This is an update of TECDOC-1315, published 2002.

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South Australia’s Citizens’ Jury on Nuclear Waste Final Report
South Australia’s Citizens’ Jury on Nuclear Waste, November 2016, 48 p.

Citizens’ Jury Two was held over three weekends in October and November with more than 300 jurors examining the question ‘under what circumstances, if any, could South Australia pursue the opportunity to store and dispose of nuclear waste from other countries?’
The jury handed down its findings to Premier Jay Weatherill on

Sunday, 6 November. The report will be a key input to the Governments response to the Royal Commission Report at the end of the year.

Extraído de: http://nuclear.yoursay.sa.gov.au/

The United States of America National Report for the Convention on Nuclear Safety: Seventh National Report
U. S. Nuclear Regulatory Commission, October 2016, 353 p.

The U.S. Nuclear Regulatory Commission has prepared Revision 6 to NUREG-1650, "The United States of America Seventh National Report for the Convention on Nuclear Safety," for submission for peer review at the seventh review meeting of the Convention on Nuclear Safety, to be convened at the International Atomic Energy Agency in Vienna, Austria, in March 2017. This report addresses the safety of land-based

commercial nuclear power plants in the United States. It demonstrates how the U.S. Government achieves and maintains a high level of nuclear safety worldwide by enhancing national measures and international cooperation, and by meeting the obligations of all the articles established by the Convention. These articles address the safety of existing nuclear installations, the legislative and regulatory framework, the regulatory body, responsibility of the licensee, the priority given to safety, financial and human resources, human factors, quality assurance, assessment and verification of safety, radiation protection, emergency preparedness, siting, design and construction, and operation. This report also addresses the principles of the Vienna Declaration adopted by the Contracting Parties in February 2015.
Similar to the U.S. National Report issued in 2013, this revised document includes a section developed by the Institute of Nuclear Power Operations describing work that the U.S. nuclear industry has done to ensure safety. The primary responsibility for the safety of a nuclear installation rests with the license holder; therefore, Part 3 explains how the nuclear industry maintains and improves nuclear safety.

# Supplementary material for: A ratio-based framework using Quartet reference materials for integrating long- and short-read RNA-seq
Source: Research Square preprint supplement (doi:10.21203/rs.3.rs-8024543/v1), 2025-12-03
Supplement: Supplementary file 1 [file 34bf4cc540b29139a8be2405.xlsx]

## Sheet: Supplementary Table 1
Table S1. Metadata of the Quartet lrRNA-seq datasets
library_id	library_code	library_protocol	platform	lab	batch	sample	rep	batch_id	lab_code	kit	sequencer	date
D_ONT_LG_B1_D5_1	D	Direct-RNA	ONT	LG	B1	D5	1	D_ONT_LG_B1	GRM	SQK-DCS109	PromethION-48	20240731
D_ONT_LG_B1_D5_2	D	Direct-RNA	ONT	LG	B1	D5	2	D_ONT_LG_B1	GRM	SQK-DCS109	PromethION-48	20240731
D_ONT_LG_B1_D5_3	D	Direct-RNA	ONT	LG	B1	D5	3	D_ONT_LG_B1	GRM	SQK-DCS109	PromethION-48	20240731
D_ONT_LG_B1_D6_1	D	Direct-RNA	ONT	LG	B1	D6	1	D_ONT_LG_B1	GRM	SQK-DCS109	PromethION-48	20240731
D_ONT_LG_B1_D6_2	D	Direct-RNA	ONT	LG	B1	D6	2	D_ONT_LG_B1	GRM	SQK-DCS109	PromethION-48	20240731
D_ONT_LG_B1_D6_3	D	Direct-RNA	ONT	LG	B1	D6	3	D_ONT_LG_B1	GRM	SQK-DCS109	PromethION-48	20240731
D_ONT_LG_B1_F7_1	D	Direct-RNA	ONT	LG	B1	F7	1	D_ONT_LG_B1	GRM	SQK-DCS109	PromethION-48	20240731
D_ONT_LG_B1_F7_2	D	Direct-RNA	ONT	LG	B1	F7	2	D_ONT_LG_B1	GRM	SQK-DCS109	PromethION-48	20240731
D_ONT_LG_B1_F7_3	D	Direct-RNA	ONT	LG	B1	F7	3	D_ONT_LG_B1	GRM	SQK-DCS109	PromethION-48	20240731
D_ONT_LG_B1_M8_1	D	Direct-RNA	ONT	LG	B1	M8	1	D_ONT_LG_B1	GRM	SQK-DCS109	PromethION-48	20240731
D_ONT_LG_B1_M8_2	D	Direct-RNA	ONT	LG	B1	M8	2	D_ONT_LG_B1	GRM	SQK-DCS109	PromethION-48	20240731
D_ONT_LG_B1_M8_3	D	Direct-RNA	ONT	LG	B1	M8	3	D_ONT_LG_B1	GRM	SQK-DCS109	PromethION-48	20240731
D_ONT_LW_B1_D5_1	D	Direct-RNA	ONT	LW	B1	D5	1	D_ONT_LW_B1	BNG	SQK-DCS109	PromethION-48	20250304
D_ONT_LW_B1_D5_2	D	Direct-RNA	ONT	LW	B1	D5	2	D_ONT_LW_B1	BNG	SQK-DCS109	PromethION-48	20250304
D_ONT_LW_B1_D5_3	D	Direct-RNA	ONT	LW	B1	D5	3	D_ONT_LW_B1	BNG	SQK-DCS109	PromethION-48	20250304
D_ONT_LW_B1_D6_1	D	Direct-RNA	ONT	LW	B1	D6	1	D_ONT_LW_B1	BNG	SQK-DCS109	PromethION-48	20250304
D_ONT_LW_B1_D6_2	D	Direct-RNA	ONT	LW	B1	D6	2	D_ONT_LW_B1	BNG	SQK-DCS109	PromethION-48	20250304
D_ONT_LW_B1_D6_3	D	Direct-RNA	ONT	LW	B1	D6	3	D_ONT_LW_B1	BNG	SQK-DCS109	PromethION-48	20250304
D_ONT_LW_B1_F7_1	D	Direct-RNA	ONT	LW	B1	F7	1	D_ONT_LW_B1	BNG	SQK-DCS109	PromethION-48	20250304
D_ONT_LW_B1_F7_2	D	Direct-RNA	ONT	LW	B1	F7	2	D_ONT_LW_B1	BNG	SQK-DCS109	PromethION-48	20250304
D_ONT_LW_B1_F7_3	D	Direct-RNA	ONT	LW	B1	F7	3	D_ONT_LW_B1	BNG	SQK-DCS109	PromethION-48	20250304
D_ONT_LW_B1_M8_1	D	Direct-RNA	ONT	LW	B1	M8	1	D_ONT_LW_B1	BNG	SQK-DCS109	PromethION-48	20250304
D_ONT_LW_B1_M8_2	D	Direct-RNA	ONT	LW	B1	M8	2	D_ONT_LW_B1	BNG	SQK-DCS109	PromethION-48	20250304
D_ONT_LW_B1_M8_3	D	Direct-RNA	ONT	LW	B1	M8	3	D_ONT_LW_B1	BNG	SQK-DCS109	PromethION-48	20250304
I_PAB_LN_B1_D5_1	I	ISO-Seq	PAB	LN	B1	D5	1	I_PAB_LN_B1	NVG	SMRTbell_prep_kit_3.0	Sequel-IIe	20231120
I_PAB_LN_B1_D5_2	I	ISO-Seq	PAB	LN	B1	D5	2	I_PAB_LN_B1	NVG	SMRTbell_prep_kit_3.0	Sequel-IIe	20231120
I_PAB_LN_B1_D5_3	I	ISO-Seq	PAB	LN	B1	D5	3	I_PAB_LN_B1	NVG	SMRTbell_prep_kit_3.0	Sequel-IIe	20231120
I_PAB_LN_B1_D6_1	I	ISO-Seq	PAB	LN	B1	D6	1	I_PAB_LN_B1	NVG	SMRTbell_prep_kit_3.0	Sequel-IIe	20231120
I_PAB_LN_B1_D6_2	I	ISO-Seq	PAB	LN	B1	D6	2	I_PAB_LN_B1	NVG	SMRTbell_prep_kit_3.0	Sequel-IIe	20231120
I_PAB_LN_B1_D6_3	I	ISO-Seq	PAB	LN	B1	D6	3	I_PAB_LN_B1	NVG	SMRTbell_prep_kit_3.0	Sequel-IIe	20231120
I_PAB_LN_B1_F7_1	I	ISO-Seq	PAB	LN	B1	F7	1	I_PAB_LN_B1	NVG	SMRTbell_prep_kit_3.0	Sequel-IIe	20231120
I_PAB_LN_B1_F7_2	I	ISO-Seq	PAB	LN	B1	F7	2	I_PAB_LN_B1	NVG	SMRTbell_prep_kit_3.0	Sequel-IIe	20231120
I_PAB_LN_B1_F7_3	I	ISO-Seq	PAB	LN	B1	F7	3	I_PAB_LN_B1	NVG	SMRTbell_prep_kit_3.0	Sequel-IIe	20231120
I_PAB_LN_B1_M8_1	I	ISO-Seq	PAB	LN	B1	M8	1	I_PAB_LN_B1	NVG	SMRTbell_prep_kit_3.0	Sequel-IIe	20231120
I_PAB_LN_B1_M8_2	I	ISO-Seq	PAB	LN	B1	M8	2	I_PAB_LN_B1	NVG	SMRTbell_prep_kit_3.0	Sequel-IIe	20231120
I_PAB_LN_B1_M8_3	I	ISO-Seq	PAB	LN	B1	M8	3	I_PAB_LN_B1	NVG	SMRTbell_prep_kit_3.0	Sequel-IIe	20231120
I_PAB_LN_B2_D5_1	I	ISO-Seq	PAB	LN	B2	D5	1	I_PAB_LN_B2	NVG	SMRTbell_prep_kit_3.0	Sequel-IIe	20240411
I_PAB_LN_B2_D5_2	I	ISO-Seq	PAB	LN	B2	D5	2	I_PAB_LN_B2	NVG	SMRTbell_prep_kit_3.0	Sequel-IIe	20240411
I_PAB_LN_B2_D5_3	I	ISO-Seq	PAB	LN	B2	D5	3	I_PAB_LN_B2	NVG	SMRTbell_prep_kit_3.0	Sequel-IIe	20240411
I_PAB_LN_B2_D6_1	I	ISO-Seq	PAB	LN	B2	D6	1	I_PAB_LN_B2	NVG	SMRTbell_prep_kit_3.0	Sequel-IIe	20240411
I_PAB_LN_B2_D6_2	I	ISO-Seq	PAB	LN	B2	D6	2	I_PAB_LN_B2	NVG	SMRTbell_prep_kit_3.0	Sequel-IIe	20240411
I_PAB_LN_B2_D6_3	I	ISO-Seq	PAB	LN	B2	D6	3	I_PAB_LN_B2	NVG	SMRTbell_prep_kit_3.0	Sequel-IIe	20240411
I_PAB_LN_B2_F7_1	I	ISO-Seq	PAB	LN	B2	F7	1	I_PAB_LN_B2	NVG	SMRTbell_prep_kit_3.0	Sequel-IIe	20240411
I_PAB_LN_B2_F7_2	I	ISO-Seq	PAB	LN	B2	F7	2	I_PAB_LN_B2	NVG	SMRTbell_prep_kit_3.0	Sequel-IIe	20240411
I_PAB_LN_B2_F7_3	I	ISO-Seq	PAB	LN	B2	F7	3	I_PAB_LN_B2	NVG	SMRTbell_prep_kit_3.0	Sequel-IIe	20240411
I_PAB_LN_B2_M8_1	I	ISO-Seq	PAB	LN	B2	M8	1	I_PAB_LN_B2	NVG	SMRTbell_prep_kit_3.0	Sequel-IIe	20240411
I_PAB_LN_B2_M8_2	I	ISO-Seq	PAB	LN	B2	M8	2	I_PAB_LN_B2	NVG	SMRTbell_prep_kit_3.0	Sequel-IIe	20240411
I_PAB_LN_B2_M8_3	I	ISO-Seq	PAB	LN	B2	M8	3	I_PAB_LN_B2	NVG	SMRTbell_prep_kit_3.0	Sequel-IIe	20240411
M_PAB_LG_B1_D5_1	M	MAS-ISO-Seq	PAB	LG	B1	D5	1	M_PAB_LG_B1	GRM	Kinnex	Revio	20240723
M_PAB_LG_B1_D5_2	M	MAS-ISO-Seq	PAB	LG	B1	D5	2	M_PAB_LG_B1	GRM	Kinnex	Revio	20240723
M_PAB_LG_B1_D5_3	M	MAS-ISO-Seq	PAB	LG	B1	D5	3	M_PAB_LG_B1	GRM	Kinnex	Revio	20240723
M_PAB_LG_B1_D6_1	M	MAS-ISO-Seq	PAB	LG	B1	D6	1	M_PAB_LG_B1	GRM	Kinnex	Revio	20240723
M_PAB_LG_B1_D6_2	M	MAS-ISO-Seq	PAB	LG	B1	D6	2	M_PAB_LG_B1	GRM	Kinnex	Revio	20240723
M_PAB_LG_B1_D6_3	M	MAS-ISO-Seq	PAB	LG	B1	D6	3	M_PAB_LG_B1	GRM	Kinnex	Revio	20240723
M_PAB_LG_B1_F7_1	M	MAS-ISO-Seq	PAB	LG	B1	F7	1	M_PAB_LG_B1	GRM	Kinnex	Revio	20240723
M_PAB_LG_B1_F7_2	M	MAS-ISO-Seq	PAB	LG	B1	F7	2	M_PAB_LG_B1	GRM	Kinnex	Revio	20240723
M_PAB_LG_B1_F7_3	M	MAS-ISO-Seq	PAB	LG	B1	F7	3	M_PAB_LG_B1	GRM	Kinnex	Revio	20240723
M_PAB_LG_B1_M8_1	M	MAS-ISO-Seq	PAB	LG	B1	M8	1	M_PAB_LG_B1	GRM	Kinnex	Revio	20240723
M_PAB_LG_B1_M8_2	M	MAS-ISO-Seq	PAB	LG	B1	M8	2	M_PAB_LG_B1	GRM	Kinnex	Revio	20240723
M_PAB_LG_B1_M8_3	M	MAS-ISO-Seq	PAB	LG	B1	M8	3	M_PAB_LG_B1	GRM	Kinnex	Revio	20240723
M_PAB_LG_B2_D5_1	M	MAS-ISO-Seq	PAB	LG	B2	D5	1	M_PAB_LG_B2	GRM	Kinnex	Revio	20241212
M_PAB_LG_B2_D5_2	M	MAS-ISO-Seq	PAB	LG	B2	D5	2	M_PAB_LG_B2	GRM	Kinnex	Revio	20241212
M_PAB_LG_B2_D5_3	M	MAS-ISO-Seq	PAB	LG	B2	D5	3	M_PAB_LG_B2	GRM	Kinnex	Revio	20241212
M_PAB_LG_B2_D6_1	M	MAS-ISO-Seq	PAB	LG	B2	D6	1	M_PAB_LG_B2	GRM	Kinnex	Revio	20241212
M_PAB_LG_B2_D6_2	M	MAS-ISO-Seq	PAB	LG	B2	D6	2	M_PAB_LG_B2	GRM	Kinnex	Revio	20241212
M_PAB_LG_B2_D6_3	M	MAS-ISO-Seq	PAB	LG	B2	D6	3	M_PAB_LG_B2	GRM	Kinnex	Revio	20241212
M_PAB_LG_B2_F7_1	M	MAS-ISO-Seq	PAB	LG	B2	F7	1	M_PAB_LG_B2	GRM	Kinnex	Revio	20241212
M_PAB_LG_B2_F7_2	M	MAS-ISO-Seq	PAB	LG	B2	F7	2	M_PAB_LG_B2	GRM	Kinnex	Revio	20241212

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Nuclear Fuel Cycle Royal Commission Report
Nuclear Fuel Cycle Royal Commission - South Australian Government South, May 2016, 344 p.

Australia can safely increase its participation in nuclear activities. Such participation brings social, environmental, safety and financial risks. The state is already managing
some of these risks, and the remainder are manageable.
Some new nuclear fuel cycle activities are viable. One in particular, the disposal of international used fuel and intermediate level waste, could provide significant and

enduring economic benefits to the South Australian community.
Viability analysis undertaken for the Commission determined that a waste disposal facility could generate more than $100 billion income in excess of expenditure (including a $32 billion reserve fund for facility closure and ongoing monitoring) over the 120-year life of the project (or $51 billion discounted at 4 per cent). Given the significance of the potential revenue and the extended project timeframes, the Commission has found that were such a project to proceed, it must be owned and controlled by the state government, and that the wealth generated should be preserved and equitably shared for current and future generations of South Australians. This presents an opportunity that should be pursued.
Social consent is fundamental to undertaking any new nuclear project. Social consent requires sufficient public support in South Australia to proceed with legislating, planning and implementing a project. Local community consent is required to host a facility. In the event that this involves regional, remote and Aboriginal communities, consent processes must account for their particular values and concerns. Political bipartisanship and stable government policy are also essential. This is particularly important given the long-term operation of facilities and the need for certainty for potential client nations.